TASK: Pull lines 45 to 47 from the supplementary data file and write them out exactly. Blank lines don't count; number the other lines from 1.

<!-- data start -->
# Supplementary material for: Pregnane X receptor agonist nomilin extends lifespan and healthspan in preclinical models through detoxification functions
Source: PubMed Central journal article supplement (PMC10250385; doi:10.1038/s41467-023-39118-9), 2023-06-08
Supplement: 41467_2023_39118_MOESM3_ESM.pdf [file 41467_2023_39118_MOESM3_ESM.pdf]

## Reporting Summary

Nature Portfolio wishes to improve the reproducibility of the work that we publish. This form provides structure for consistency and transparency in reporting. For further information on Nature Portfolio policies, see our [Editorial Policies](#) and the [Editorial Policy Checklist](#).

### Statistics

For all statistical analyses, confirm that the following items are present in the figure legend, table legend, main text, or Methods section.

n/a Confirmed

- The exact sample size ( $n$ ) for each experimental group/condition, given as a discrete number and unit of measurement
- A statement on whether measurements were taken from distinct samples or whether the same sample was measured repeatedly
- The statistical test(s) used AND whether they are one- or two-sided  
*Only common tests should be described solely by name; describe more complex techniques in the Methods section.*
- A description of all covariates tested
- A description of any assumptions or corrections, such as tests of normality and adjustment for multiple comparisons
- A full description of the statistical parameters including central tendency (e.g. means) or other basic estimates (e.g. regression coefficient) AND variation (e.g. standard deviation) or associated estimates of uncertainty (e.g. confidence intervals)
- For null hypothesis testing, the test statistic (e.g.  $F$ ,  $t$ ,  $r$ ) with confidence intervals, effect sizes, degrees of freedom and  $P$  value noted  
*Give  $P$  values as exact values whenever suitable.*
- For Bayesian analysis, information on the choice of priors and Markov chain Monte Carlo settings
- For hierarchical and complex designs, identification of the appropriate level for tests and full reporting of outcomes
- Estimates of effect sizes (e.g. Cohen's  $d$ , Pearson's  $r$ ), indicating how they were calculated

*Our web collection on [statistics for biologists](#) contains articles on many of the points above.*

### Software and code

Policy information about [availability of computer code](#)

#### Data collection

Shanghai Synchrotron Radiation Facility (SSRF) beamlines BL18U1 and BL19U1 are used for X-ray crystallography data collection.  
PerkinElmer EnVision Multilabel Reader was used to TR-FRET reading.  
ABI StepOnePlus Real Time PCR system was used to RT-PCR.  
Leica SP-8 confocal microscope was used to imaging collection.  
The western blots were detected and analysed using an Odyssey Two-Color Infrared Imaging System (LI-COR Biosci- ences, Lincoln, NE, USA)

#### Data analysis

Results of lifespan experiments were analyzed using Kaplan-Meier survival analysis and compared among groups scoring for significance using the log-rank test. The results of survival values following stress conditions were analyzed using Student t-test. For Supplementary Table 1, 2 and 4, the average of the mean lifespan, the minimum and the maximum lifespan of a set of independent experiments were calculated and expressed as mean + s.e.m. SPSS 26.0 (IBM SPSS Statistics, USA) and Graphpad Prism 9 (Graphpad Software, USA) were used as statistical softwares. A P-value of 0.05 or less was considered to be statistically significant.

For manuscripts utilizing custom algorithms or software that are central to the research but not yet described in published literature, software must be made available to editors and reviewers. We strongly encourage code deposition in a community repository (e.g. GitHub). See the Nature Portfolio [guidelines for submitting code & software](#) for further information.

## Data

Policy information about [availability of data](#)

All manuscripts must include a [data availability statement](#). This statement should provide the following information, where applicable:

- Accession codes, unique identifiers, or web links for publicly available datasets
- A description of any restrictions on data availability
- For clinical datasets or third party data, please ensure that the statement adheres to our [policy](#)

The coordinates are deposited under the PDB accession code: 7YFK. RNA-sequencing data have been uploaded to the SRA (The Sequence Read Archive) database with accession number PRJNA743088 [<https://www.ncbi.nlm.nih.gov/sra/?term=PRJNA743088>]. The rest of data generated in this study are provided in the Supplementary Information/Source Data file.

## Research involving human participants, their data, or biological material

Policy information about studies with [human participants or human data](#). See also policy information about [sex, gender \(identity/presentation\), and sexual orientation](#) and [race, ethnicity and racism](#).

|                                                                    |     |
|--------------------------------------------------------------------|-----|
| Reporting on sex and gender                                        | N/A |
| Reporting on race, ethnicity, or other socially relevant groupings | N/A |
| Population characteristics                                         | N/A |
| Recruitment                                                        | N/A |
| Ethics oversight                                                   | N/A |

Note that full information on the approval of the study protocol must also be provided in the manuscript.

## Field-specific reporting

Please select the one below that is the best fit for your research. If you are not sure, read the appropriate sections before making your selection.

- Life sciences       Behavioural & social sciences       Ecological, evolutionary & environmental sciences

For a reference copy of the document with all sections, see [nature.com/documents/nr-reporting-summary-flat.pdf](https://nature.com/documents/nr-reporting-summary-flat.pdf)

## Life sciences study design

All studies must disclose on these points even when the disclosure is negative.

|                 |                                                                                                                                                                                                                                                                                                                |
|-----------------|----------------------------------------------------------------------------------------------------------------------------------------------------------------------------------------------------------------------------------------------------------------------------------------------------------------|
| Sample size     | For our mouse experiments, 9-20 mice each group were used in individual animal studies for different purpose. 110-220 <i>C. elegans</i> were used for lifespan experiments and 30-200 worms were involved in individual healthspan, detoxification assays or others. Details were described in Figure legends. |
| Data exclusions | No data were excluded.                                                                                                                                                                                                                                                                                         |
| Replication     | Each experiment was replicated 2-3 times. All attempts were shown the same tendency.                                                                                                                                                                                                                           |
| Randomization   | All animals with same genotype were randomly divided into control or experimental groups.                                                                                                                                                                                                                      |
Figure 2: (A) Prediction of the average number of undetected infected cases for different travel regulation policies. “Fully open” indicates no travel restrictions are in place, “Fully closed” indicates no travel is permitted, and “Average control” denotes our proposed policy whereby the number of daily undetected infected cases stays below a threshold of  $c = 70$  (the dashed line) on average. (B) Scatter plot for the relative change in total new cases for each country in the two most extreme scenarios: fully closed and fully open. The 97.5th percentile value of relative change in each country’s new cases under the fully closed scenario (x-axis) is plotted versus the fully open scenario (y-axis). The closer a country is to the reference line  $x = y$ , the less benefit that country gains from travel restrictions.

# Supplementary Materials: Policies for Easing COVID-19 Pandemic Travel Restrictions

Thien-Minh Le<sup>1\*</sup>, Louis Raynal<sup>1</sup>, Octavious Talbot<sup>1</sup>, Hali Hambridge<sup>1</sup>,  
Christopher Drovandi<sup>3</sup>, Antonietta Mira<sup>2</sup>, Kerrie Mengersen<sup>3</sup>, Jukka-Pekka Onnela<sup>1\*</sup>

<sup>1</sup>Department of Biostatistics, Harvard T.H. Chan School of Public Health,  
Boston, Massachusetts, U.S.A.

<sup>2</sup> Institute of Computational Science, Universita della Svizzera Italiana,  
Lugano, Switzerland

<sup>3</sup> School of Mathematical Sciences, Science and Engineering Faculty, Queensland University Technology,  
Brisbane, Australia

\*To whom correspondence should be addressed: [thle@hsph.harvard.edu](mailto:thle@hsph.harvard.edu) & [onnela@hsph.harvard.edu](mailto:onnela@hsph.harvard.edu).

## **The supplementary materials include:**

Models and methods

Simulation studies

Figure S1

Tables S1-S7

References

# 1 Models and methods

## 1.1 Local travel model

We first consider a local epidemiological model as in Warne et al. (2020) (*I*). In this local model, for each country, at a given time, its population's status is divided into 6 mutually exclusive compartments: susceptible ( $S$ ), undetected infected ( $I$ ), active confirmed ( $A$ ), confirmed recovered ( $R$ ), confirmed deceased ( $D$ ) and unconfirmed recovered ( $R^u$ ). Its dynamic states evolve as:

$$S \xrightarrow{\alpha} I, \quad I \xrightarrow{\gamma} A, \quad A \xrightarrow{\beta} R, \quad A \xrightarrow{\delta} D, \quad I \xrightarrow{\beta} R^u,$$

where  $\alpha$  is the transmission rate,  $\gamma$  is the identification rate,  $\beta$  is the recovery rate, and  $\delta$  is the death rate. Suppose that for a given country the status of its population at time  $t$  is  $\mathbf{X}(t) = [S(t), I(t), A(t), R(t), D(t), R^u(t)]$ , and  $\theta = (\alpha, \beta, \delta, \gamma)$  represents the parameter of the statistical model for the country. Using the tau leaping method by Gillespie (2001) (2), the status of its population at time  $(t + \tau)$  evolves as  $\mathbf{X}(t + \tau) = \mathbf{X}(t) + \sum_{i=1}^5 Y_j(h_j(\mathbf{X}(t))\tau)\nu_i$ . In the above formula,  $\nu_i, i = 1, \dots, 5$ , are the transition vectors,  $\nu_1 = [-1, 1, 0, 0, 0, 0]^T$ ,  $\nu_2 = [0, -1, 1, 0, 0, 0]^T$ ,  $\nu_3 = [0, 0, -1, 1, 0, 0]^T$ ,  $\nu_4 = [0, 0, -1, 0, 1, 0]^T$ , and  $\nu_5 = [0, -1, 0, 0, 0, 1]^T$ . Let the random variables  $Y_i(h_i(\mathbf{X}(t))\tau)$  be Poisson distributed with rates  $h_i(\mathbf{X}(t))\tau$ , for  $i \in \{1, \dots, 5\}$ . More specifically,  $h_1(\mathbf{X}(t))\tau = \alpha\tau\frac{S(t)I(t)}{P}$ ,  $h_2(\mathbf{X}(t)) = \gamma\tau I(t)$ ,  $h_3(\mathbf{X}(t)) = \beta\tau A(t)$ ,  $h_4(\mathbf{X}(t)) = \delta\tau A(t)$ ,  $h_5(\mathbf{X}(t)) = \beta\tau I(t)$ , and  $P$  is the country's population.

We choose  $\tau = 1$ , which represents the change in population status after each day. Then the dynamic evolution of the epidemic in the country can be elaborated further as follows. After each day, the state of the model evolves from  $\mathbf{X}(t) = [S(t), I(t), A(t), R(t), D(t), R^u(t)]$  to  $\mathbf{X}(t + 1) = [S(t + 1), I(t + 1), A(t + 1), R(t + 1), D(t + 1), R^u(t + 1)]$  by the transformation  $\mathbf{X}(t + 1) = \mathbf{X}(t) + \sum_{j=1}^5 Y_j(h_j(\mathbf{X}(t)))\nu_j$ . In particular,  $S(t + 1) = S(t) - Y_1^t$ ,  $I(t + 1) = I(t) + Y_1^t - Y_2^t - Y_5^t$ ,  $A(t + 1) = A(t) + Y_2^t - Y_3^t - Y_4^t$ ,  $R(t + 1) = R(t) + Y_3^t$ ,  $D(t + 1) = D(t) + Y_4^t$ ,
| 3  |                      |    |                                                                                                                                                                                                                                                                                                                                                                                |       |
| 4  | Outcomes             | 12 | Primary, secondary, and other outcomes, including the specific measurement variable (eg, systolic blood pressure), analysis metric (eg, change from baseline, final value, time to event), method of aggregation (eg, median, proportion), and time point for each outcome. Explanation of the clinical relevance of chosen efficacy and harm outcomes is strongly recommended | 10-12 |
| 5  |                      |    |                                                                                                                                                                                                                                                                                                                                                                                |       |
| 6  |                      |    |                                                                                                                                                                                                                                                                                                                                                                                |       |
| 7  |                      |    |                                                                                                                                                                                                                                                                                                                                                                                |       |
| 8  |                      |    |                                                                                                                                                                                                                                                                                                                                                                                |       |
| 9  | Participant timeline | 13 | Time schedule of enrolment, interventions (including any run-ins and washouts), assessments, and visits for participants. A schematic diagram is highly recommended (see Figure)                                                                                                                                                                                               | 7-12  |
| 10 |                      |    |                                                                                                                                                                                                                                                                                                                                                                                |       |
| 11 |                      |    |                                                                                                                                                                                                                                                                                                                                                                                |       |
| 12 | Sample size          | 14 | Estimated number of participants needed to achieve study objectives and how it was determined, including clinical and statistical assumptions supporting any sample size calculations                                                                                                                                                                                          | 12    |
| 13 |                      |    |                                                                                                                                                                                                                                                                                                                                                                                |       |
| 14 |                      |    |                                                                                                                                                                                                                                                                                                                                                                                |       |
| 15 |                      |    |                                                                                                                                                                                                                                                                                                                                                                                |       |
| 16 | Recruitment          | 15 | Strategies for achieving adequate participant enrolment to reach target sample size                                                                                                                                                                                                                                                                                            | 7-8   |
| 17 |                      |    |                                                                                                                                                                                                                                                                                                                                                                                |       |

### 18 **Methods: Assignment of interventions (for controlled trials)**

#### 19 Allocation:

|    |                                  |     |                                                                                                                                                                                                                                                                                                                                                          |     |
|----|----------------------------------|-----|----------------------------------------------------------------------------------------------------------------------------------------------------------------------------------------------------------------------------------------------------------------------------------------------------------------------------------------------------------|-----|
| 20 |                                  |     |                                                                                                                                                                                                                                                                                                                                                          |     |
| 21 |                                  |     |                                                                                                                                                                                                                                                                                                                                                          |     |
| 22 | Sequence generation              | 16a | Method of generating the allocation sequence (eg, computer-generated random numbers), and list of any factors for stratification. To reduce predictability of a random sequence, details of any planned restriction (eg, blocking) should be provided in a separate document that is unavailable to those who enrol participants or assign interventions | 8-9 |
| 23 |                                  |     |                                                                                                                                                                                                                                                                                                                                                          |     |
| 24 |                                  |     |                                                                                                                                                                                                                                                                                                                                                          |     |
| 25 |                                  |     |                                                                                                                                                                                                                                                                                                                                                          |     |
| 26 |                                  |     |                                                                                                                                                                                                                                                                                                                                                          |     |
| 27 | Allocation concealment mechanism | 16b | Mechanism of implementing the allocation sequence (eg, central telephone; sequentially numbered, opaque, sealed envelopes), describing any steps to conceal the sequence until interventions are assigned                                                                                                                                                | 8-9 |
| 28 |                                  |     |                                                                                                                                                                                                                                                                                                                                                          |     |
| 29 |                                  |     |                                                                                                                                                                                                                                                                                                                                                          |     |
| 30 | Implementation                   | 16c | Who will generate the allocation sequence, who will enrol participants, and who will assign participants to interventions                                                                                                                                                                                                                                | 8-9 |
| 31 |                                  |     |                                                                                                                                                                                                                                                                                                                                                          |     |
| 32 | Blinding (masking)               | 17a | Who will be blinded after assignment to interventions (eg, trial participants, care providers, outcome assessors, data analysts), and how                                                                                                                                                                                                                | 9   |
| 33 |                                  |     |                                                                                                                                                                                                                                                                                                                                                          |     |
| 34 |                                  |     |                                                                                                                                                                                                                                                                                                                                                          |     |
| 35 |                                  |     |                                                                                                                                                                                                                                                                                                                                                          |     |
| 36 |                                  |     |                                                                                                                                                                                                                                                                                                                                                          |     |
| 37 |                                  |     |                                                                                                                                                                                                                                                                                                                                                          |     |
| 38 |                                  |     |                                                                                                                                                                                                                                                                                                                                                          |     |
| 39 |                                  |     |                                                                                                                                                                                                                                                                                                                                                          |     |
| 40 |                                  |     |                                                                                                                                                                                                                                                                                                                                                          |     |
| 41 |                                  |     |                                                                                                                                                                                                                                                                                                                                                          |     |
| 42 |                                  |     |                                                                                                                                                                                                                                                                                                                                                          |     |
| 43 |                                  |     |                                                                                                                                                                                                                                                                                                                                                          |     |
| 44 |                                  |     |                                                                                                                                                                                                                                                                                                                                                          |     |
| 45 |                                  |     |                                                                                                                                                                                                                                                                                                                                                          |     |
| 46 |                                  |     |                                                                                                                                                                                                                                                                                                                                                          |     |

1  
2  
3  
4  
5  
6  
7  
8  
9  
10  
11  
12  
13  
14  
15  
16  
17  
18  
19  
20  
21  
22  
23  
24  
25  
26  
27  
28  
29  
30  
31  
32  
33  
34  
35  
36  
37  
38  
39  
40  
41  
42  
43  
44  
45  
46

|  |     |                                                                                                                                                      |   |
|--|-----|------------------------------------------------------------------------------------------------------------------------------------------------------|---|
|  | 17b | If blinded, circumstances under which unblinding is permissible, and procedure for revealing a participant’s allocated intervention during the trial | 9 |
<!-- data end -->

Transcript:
| Reporting on race, ethnicity, or other socially relevant groupings | N/A |
| Population characteristics                                         | N/A |
| Recruitment                                                        | N/A |